Speed Camera Enforcement Will Begin on September 9th, the First Day of School
By NYC.gov - AUG. 26, 2013
Mayor Bloomberg and Transportation Commissioner Janette Sadik-Khan today announced enforcement of speed cameras near school locations will take effect on the first day of the school year, Monday, September 9th. The Administration pressed for passage of State legislation to approve the use of speed cameras in New York City for more than a decade, and this year legislation sponsored by Assemblywoman Deborah Glick and State Senator Jeff Klein was approved by the State Legislature and signed into law by Governor Andrew Cuomo.
The law provides the City with a significant tool in its efforts to continue to reduce traffic fatalities citywide and curb speeding near schools. The last five years have been the safest since traffic fatality records began being kept in 1910, due to efforts including the use of red-light cameras, pedestrian countdown signals, Neighborhood Slow Zones, aggressive enforcement of traffic laws, safety education campaigns and corridor and intersection redesigns. Traffic fatalities have decreased by 30 percent since 2001, but speeding remained the contributing factor in 81 fatal traffic crashes in 2012, roughly 30 percent, and fatal hit-and-run crashes increased by 31 percent between 2010 and 2012. There is a 70 percent chance a child will be killed if hit by a car at 40 miles per hours, but an 80 percent chance that child survives if hit by a vehicle travelling 30 miles per hour, the City’s speed limit. The law allows the City to implement a speed camera demonstration program at 20 locations within a quarter mile of schools in high crash locations and it allows the City to rotate the cameras to school locations across the five boroughs. The Mayor and Commissioner were joined by NYPD Chief of Transportation James Tuller today at W.E.B. Dubois High School on Eastern Parkway in Crown Heights, Brooklyn, a candidate to receive speed camera technology nearby due to a high crash rate in its vicinity.
“Keeping streets safe for motorists, cyclists, and pedestrians is one of the most important public safety challenges any government faces,” said Mayor Bloomberg. “Our streets are the safest they have ever been, due in large part to our enforcement efforts and innovative traffic engineering that have brought traffic fatalities to record lows. Curbing speeding around schools will help us continue to make our City’s streets safer for everyone.”
“Over the last six years, we’ve kept an unrelenting focus on the safety of our most vulnerable New Yorkers, and with speed cameras we’re now putting an even sharper focus on safety near our schools,” said Commissioner Sadik-Khan. “Motorists who play fast and loose on our streets need to learn the critical lesson that the New York City’s speed limit is 30 mph for a reason, and that it’s literally the difference between life and death.”
“Thanks to these new cameras, students across New York City will return to much safer school zones,” said State Senator Jeffrey Klein. I'm proud that my colleagues in the legislature answered the call of Mayor Bloomberg and Commissioner Sadik-Khan, because even five miles per hour can make the difference between life and death for a child. These speed cameras will save lives—that’s why I'm so pleased that they’ll be up and running for the start of this school year.”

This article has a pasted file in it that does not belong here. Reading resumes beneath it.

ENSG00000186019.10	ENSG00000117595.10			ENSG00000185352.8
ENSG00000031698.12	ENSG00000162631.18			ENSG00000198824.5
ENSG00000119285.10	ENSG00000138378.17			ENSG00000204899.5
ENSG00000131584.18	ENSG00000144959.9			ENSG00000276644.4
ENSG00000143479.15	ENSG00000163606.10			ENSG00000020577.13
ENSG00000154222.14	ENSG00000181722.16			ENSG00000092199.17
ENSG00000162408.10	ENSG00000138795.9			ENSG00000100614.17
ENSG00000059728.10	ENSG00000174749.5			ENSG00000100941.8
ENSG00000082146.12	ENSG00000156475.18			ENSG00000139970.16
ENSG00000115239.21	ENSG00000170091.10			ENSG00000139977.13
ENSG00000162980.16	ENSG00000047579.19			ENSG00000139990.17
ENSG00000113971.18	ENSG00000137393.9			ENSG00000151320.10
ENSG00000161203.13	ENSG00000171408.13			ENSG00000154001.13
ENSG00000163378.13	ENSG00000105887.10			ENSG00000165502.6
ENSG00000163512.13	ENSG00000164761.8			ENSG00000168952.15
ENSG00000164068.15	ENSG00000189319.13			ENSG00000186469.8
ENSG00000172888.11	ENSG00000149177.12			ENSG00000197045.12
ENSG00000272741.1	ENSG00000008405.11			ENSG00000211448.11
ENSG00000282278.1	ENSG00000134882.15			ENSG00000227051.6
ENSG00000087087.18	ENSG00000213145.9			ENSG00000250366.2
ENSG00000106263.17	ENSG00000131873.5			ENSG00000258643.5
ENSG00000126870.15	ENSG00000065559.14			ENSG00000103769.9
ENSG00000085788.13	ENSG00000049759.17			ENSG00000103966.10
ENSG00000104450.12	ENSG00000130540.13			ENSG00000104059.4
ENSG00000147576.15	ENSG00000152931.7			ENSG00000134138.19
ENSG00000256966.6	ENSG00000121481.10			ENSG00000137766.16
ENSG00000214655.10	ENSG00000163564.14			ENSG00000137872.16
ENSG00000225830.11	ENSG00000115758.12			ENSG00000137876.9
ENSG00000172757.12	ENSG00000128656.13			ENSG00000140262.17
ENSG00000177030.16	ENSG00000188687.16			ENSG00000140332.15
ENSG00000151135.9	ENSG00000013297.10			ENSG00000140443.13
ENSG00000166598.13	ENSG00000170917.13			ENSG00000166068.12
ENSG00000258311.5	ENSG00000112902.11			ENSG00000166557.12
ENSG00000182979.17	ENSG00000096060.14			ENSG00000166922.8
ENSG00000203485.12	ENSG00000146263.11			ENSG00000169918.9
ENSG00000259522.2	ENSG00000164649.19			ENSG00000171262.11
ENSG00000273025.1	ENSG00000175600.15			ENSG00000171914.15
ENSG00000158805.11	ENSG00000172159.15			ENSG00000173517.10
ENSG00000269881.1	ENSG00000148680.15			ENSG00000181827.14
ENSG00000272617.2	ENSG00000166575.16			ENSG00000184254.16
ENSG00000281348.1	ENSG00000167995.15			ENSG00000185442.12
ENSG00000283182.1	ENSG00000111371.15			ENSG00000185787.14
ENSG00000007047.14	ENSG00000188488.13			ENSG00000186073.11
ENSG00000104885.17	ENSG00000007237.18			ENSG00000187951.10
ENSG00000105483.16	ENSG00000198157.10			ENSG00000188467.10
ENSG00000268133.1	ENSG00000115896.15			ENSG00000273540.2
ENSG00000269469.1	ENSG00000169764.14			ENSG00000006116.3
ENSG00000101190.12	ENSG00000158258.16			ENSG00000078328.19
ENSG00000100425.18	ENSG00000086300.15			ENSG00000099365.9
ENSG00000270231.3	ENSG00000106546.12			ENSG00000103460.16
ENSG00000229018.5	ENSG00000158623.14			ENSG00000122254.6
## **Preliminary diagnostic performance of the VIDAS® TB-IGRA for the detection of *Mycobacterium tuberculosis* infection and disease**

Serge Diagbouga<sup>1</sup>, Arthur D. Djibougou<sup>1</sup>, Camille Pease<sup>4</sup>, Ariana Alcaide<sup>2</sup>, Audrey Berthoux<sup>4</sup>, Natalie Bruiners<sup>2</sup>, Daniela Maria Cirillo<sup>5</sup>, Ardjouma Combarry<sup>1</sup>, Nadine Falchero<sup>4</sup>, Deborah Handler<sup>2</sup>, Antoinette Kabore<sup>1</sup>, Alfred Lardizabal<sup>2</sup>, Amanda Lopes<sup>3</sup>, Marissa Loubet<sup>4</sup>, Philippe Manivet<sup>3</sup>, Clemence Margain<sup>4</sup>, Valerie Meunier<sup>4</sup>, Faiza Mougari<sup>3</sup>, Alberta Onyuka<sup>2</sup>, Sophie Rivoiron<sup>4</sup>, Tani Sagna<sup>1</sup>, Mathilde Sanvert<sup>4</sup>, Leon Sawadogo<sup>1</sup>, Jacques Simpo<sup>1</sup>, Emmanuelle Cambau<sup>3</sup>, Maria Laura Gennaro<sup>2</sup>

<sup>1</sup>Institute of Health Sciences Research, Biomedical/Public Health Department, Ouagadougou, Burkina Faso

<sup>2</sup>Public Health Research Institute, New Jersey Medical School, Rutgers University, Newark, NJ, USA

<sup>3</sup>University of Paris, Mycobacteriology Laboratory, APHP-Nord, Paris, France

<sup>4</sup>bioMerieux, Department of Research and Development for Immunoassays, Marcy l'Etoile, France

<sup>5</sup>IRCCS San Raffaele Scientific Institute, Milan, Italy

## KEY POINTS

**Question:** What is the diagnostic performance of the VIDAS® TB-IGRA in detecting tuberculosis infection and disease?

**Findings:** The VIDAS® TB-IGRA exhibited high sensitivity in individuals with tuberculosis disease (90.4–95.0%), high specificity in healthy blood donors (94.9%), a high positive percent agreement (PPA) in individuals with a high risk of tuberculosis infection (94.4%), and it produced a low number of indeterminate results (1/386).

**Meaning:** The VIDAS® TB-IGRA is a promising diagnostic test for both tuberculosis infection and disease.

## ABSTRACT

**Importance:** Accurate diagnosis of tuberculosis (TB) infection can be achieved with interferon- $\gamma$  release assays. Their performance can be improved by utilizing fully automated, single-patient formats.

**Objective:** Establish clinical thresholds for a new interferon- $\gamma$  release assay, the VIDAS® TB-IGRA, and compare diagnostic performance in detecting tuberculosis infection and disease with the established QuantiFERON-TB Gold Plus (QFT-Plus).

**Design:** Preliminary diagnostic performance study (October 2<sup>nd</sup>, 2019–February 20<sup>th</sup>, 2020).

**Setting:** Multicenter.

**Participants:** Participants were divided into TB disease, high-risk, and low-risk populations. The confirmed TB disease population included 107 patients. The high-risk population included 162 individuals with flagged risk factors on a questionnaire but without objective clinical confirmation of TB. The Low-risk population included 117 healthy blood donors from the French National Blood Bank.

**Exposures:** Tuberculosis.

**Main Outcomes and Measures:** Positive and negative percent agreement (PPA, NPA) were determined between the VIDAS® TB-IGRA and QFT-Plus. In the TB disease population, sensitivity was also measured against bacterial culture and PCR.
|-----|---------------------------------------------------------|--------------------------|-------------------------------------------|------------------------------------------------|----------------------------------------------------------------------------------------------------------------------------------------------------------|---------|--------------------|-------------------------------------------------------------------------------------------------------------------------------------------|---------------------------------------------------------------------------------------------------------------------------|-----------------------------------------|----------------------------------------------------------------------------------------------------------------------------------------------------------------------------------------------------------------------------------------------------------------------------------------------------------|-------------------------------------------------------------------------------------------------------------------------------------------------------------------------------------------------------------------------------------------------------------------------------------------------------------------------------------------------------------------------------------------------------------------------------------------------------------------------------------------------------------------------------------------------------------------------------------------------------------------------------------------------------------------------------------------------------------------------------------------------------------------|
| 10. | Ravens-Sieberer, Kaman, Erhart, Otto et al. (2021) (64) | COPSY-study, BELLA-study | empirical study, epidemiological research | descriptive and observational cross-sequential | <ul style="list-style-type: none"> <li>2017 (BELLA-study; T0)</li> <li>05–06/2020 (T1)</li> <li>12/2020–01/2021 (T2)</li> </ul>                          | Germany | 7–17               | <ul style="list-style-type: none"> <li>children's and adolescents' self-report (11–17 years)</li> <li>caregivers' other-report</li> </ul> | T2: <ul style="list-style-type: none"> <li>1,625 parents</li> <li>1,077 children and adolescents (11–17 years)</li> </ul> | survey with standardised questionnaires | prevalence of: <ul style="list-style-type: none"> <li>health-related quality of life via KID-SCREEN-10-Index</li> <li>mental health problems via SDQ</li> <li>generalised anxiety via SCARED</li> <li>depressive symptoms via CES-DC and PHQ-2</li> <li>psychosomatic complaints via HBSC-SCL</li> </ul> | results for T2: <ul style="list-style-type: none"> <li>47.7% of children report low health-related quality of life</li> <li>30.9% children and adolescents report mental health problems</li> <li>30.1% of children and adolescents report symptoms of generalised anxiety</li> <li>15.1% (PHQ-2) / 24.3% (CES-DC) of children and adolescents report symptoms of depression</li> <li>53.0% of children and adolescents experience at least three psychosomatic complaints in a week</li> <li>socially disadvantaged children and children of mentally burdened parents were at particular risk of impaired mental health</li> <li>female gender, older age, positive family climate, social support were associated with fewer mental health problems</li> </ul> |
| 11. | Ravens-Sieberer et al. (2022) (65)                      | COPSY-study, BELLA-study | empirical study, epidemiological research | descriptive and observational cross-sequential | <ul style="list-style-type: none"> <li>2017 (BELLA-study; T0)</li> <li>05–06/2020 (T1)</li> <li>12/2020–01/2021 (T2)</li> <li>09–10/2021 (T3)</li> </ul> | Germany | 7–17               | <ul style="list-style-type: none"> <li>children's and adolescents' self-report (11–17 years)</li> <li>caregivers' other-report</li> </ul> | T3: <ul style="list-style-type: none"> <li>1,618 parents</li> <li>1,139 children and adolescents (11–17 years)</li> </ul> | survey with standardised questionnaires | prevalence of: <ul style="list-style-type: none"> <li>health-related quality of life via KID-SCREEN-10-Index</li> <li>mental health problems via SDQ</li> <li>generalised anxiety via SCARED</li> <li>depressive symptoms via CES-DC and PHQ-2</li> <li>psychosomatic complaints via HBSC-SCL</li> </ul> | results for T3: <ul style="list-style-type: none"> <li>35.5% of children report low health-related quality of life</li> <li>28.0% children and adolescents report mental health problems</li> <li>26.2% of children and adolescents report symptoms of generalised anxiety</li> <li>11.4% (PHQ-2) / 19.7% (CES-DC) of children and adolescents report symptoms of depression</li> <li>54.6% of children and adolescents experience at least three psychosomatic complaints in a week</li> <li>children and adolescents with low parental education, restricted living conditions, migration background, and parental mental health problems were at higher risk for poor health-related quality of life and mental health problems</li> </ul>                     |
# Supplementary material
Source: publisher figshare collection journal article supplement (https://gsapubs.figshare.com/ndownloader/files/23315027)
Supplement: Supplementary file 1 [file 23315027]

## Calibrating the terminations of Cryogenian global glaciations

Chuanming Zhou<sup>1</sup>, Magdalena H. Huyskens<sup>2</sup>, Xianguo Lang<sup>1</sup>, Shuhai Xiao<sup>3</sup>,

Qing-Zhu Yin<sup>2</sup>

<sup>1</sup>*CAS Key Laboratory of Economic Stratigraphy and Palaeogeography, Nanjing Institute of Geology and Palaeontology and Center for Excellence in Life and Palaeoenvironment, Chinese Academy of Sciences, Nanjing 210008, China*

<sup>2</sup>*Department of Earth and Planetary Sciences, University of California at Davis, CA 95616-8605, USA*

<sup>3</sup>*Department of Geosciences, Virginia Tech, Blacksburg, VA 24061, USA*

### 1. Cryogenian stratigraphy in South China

“Speed cameras will save lives and alter behavior,” said State Assemblywoman Deborah Glick. “It is legislation that will benefit pedestrians and drivers.”
DOT will begin the five-year program with a combination of fixed and mobile cameras at unspecified locations, which will be determined based upon factors such as crash and injury data, rates of speed and road geometry. During the initial weeks of the program and in order to send a message to speeders, DOT will only issue warning notices to motorists found on camera to be speeding in excess of 10 or more miles above the posted speed limit before eventually issuing $50 fines for the offense. Violations would be issued to the vehicle owner and will be adjudicated by the New York Parking Violations Bureau. The legislation, sponsored by Senator Jeff Klein of the Bronx and Assembly Member Deborah Glick of Manhattan, was passed on June 22 and signed into law by the Governor on August 1st.
DOT is currently allowed by state law to operate Red Light Cameras at 150 intersections, which have led to dramatic reductions in red-light running and violations for doing so. In addition, DOT now has 14 Neighborhood Slow Zones installed or scheduled for implementation this year across the City and received nearly 175 applications from communities for this program since its inception two years ago. Though pedestrian fatalities dropped 20 percent between 2002 and 2012, DOT continues to also in stall pedestrian countdown signals and locations across the five boroughs, with 3,600 intersections currently equipped. As part of a call earlier this year for the State Legislature to pass the legislation, DOT released a map earlier this year showing 100 locations at which 75 percent of vehicles were documented to be speeding.
New York City now joins over 133 jurisdictions in the nation in using speed cameras to save lives.
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